It does seem that HPE’s cloud business is still in a state of flux and finding the best path to take. With the jettison of Helion Public Cloud and HPE’s support of composability, there is a great opportunity to appeal to the masses and leverage their partnership with Microsoft to support Azure & AzureStack on a Synergy composable stack. Yet, the current focus appears to still focus on OpenStack based solutions. Note: HPE CloudSystem does support Synergy via the OneView APIs.

SOFTWARE

At the conference, HPE highlighted their security solutions with a few statistics. According to HPE, they “secure nine of the top 10 software companies, all 10 telcos and all major branches of the US Department of Defense (DoD).” While those are interesting statistics, one should delve a bit further to determine how extensive this applies.

Security sits alongside the software group’s Application Lifecycle Management (ALM), Operations and BigData software solutions. As time goes on, I would hope to see HPE mature the significance of their software business to meet the changing demands from enterprises.

THE GROWTH OF ANALYTICS

Increasingly, enterprise organizations are growing their dependence on data. A couple of years back, HP (prior to the HPE/ HP Inc split) purchased Autonomy and Vertica. HPE continues to mature their combined Haven solution beyond addressing BigData into the realm of Machine Learning. That that end, HPE now is offering Haven On-Demand (http://www.HavenOnDemand.com) for free. Interestingly, the solution leverages HPE’s partnership with Microsoft and is running on Microsoft’s Azure platform.

IN SUMMARY

HPE is bringing into focus those aspects they believe they can do well. The core business is still focused on infrastructure, but also supporting software (mostly for IT focused functions), cloud (OpenStack focused) and data analytics. After the dust settles on the splits and shifts, the largest opportunities for HPE appear to come from infrastructure (and related software), and data analytics. The other aspects of the business, while valuable, support a smaller pool of prospective customers.

Ultimately, time will tell how this strategy plays out. I still believe there is an untapped potential from HPE’s Synergy composable platform that will appeal to the masses of enterprises, but is often missed. Their data analytics strategy appears to be gaining steam and moving forward. These two offerings are significant, but only provide for specific aspects in an enterprises digital transformation.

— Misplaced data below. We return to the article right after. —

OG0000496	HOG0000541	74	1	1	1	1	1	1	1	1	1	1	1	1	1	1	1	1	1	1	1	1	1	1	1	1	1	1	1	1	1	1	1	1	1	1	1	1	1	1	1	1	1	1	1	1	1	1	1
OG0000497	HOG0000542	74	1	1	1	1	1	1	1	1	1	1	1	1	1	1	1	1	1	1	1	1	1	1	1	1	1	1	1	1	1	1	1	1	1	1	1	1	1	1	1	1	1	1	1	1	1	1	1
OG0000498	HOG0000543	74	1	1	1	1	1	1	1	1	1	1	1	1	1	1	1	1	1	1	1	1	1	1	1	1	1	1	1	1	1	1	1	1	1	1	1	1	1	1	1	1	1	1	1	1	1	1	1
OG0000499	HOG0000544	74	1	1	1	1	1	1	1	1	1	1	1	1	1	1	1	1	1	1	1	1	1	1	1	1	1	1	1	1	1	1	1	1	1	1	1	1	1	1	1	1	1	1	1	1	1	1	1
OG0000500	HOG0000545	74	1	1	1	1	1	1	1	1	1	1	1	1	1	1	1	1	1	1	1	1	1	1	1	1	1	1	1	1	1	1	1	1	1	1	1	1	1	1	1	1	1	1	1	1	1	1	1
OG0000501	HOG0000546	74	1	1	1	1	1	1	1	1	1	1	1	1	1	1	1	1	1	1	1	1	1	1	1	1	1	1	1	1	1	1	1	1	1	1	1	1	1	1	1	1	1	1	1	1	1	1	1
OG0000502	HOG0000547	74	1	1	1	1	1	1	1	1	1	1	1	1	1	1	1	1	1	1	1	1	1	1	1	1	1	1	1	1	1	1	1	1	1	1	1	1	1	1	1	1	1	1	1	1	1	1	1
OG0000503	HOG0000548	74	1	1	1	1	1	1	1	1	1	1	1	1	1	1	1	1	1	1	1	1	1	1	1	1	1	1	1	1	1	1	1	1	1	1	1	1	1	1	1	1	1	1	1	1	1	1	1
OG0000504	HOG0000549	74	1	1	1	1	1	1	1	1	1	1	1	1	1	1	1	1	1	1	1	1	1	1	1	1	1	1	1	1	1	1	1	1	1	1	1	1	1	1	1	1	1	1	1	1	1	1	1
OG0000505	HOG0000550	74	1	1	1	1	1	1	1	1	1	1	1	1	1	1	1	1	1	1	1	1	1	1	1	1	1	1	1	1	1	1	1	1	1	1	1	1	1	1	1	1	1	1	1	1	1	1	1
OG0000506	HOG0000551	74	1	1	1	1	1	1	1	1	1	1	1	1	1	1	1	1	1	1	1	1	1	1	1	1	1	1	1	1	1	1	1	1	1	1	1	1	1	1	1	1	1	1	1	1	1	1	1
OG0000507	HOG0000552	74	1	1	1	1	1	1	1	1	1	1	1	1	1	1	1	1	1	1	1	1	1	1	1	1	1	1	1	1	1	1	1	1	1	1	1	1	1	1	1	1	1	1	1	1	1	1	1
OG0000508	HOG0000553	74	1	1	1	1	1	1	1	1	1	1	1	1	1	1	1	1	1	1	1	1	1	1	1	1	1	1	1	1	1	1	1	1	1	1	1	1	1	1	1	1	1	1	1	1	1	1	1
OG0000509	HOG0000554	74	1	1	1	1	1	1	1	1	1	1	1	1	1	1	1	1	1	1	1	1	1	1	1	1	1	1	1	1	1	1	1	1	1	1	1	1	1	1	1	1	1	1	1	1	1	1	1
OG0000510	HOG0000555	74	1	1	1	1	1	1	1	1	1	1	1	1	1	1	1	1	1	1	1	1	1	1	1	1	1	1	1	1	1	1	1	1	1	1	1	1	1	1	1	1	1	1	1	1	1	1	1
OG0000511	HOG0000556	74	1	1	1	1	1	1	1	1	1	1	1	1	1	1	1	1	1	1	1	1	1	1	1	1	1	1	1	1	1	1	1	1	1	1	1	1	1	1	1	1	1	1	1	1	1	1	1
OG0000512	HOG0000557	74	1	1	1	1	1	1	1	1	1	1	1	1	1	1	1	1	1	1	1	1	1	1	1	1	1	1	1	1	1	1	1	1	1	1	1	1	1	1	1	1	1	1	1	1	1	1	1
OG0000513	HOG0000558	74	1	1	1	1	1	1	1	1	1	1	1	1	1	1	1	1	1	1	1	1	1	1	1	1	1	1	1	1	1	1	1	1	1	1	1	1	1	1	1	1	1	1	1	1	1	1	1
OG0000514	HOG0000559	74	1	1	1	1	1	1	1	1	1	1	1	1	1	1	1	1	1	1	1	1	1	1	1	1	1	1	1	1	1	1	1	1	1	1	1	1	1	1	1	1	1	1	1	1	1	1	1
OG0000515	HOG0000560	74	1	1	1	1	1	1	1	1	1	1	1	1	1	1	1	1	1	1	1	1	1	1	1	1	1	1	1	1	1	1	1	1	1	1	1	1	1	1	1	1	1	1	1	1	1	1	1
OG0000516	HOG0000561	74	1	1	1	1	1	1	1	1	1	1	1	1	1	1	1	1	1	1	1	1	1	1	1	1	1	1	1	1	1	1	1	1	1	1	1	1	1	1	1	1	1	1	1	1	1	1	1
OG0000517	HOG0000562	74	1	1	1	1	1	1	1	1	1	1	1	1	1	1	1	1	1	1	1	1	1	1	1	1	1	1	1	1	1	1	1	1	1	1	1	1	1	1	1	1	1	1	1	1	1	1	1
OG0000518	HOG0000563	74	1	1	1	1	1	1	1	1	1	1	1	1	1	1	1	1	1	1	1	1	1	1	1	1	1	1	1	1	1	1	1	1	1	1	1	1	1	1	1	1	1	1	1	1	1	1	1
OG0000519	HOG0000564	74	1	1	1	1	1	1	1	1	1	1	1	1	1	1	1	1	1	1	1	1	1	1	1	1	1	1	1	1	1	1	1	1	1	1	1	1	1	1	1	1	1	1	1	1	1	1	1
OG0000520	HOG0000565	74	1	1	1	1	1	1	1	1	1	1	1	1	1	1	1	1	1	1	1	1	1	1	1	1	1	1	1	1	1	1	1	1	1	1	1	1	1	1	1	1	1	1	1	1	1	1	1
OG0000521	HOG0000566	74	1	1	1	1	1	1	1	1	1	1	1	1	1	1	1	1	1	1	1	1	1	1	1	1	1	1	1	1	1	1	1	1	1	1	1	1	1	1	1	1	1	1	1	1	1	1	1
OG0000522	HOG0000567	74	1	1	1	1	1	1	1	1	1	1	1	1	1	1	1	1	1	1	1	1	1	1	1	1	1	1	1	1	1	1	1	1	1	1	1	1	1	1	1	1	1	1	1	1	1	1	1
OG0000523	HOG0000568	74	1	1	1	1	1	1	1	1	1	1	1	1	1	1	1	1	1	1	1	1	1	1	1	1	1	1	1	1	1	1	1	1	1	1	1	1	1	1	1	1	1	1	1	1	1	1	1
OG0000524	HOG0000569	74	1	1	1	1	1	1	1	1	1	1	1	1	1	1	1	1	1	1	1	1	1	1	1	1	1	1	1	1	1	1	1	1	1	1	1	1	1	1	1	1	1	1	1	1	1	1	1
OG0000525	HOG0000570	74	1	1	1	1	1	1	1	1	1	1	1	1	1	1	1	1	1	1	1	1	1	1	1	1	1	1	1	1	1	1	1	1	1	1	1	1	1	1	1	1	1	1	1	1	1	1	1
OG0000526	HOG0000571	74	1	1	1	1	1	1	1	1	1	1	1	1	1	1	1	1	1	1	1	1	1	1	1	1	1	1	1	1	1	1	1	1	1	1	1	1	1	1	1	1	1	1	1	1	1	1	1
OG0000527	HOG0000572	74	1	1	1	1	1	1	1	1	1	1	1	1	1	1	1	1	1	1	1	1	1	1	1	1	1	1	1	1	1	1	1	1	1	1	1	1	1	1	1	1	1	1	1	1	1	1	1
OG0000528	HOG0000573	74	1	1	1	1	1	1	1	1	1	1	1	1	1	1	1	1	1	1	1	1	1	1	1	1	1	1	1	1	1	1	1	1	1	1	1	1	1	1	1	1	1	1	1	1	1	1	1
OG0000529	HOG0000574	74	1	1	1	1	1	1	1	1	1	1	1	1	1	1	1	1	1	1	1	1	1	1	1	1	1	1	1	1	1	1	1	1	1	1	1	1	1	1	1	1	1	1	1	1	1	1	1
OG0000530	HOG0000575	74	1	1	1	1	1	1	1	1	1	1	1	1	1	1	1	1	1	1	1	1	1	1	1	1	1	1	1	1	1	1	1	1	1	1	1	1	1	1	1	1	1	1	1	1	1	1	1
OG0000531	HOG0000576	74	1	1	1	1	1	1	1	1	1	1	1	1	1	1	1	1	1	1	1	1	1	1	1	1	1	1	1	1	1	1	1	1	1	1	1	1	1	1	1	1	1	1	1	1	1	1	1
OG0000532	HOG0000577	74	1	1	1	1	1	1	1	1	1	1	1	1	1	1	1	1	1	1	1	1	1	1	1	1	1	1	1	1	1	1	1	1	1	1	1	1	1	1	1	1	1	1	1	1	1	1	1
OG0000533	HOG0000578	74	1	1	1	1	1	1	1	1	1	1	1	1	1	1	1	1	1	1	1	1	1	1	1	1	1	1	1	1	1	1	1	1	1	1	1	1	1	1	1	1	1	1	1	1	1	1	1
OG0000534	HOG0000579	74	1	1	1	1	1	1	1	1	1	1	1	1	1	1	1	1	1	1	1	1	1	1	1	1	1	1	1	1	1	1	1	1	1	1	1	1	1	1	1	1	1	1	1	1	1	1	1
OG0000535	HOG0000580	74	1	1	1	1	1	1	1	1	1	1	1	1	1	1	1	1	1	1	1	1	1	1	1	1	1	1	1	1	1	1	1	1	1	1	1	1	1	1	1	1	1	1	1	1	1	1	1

CIO · Cloud

Microsoft Azure Stack fills a major gap for enterprise hybrid cloud

Azure Stack is billed as a version of Azure that runs in your corporate data center. Originally announced on May 4, 2015, Microsoft Azure Stack presented a significant change to the enterprise cloud spectrum of options. Prior to Azure Stack, enterprises looking for a private cloud option were left to build their own. While possible, not a trivial feat for most enterprises.

Today, Microsoft announced availability of their Technical Preview 1 (TP1); a series of planned technical previews leading up to Azure Stack’s General Availability later in 2016.

 

Azure Map

A PRIVATE CLOUD FOR ENTERPRISES

Azure Stack represents an on premise version of Microsoft’s Azure public cloud that runs in your corporate data center. If you are familiar with Azure, you are already familiar with Azure Stack.

Unlike many solutions that start small and scale up, Microsoft was challenged with the opposite problem; to scale down Azure. Azure Stack is essentially a scaled down version of Azure and the code between the two versions of Azure is remarkably similar. The further up the stack, the more similar the code base gets. For developers, this means a more consistent experience between Azure and Azure Stack.

Many enterprise customers are hesitant or incapable of making the leap from workloads on premise to full-on public cloud. Those reasons range from cultural resistance to regulatory considerations. Azure Stack provides a solution that fills the gap between full-on public cloud (Azure) and the prospect of creating a private cloud from scratch. Moreover, because of the consistent experience, customers are able to develop applications on Azure Stack and then move them fairly seamlessly to Azure. Many of the services are similar between the solutions, however, there are some obvious differences inherent to public vs. private cloud.